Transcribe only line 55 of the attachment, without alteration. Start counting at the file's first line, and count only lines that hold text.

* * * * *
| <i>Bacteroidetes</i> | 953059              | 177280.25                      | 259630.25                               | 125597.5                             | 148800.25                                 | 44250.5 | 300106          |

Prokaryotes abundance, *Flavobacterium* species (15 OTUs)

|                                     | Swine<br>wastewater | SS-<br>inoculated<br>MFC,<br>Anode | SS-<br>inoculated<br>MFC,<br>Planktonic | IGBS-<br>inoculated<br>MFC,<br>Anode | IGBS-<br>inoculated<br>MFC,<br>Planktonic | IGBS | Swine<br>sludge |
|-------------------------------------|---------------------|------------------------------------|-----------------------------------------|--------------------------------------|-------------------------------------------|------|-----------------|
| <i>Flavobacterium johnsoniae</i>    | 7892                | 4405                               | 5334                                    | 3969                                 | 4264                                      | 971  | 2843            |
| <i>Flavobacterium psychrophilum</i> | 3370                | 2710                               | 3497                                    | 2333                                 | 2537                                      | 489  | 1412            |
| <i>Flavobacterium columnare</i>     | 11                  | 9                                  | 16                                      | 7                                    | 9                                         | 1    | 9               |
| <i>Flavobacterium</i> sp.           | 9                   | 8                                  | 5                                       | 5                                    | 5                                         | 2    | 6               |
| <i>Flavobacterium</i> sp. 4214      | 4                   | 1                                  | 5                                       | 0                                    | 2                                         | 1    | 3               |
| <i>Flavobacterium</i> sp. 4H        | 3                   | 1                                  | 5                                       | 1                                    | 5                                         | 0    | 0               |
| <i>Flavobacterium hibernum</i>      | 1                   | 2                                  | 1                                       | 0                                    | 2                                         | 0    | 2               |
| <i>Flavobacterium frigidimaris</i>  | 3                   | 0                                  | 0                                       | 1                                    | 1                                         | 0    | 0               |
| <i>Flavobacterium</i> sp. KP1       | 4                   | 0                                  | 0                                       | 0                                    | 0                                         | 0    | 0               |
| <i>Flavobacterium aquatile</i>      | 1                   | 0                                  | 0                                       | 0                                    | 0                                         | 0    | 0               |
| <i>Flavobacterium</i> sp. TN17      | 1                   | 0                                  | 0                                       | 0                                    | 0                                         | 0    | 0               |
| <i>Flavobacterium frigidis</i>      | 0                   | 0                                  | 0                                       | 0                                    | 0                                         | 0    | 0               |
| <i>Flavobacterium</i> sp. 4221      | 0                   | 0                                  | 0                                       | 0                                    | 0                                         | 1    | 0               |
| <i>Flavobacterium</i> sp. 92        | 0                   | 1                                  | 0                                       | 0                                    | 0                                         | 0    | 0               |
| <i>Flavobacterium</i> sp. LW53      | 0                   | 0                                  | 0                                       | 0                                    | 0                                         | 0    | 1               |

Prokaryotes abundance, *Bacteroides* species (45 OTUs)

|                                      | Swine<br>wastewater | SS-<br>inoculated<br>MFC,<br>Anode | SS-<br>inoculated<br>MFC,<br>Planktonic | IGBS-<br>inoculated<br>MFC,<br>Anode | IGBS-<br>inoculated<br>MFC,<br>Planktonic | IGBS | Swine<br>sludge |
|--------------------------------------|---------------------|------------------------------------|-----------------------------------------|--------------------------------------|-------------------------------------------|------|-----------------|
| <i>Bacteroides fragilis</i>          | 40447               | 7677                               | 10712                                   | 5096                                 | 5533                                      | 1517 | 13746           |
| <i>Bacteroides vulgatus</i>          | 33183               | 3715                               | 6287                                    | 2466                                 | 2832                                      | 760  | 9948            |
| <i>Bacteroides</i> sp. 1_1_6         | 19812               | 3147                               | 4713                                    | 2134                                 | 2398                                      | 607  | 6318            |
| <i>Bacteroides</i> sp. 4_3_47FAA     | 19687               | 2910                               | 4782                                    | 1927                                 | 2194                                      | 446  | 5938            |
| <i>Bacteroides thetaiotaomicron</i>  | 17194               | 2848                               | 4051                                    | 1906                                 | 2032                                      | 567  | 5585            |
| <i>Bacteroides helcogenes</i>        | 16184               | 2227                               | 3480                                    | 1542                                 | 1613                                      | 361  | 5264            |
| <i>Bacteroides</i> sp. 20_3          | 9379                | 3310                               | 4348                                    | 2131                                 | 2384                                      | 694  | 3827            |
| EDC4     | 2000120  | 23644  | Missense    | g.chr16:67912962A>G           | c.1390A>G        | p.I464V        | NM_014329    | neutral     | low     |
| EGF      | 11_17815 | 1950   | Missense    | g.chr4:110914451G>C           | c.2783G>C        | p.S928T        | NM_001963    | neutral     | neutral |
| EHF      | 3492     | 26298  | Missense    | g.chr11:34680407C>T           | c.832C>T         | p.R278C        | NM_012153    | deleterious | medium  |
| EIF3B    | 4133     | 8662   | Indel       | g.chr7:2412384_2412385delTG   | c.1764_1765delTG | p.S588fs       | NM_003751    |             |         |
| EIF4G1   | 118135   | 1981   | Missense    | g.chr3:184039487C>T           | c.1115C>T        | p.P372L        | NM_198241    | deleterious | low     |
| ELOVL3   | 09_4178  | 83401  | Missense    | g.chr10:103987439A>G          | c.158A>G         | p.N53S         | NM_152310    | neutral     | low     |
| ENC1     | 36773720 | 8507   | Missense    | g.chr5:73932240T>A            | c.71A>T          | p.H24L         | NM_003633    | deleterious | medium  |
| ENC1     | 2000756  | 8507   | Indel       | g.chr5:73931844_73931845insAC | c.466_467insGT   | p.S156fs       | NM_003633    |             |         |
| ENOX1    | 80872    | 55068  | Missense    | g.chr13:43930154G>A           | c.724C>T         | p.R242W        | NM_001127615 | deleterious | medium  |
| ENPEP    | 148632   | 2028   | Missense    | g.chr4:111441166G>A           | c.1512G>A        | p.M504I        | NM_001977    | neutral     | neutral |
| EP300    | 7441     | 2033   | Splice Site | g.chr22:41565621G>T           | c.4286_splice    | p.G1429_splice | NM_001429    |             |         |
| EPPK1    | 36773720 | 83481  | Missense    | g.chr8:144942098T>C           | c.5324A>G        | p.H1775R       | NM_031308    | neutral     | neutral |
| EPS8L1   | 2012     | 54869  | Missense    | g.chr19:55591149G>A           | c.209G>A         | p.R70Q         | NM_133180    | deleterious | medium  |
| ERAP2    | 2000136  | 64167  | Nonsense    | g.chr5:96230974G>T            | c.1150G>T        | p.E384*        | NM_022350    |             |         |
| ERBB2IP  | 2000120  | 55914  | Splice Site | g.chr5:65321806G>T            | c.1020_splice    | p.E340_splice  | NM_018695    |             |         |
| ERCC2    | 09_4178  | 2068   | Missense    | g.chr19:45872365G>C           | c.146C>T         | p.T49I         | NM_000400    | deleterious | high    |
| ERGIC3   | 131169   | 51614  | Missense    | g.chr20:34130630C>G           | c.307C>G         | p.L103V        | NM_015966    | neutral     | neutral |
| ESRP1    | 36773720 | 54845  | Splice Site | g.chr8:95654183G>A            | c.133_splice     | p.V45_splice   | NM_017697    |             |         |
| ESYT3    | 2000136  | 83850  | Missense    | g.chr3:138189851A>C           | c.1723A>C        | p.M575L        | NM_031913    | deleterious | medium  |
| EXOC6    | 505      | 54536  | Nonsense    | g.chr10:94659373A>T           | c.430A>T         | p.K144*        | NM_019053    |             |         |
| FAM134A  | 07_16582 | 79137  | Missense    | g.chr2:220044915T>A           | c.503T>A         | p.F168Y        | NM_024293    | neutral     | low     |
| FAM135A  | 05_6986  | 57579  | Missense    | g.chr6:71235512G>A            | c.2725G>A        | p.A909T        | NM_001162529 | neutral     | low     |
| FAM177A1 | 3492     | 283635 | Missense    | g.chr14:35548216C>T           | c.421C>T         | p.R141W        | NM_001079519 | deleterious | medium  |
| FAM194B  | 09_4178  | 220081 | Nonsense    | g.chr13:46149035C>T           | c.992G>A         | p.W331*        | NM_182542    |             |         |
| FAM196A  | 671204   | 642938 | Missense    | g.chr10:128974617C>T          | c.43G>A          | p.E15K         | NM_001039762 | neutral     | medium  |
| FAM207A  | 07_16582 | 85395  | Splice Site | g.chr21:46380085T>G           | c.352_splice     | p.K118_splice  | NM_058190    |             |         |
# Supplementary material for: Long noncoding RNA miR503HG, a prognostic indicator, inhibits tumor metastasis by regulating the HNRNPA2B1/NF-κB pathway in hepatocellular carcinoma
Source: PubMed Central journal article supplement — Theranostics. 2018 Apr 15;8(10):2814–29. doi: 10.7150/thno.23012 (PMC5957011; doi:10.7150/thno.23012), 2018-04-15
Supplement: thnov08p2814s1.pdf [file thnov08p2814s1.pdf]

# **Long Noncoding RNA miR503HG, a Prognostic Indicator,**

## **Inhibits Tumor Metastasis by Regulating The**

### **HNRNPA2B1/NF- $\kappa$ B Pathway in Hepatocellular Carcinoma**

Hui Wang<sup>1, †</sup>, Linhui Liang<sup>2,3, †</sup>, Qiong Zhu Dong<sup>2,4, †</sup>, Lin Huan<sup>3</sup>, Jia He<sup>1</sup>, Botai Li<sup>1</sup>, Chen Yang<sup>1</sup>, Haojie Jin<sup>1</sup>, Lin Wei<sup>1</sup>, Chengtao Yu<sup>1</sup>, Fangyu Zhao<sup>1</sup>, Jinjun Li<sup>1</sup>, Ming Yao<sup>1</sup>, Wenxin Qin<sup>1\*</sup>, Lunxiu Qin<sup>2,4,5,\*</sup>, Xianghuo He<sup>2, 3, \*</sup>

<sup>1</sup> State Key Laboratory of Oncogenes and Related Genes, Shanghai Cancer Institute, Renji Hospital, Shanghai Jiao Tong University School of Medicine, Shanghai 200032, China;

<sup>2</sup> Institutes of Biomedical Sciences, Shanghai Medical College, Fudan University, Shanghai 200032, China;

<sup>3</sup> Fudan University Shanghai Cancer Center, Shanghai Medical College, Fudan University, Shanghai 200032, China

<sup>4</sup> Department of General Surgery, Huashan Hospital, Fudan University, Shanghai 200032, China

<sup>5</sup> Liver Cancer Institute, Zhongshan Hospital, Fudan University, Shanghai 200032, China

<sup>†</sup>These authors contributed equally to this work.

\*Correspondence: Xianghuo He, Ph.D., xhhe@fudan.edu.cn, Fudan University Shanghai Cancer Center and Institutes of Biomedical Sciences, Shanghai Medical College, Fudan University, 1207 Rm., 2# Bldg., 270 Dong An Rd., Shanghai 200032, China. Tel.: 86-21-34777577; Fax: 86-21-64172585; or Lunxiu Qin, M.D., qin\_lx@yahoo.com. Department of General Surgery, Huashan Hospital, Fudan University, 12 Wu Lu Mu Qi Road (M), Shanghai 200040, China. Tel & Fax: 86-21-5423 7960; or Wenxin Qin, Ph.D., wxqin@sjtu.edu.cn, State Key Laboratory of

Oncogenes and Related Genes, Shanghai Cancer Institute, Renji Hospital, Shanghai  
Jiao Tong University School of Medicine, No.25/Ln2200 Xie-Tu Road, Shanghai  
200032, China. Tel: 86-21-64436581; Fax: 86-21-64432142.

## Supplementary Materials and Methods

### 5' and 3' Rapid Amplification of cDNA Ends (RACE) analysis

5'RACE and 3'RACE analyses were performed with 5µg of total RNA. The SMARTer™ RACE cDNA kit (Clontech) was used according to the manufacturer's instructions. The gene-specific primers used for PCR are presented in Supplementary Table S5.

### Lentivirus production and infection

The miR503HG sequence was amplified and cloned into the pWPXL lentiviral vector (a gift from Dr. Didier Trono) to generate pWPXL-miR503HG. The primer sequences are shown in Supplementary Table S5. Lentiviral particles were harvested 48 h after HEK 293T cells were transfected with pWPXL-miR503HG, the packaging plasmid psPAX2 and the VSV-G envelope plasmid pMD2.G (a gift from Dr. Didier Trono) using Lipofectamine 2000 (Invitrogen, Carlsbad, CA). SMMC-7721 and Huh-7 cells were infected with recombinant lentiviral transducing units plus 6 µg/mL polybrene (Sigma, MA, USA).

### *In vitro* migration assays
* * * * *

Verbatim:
| FAM207A  | 07_16582 | 85395  | Splice Site | g.chr21:46380085T>G           | c.352_splice     | p.K118_splice  | NM_058190    |             |         |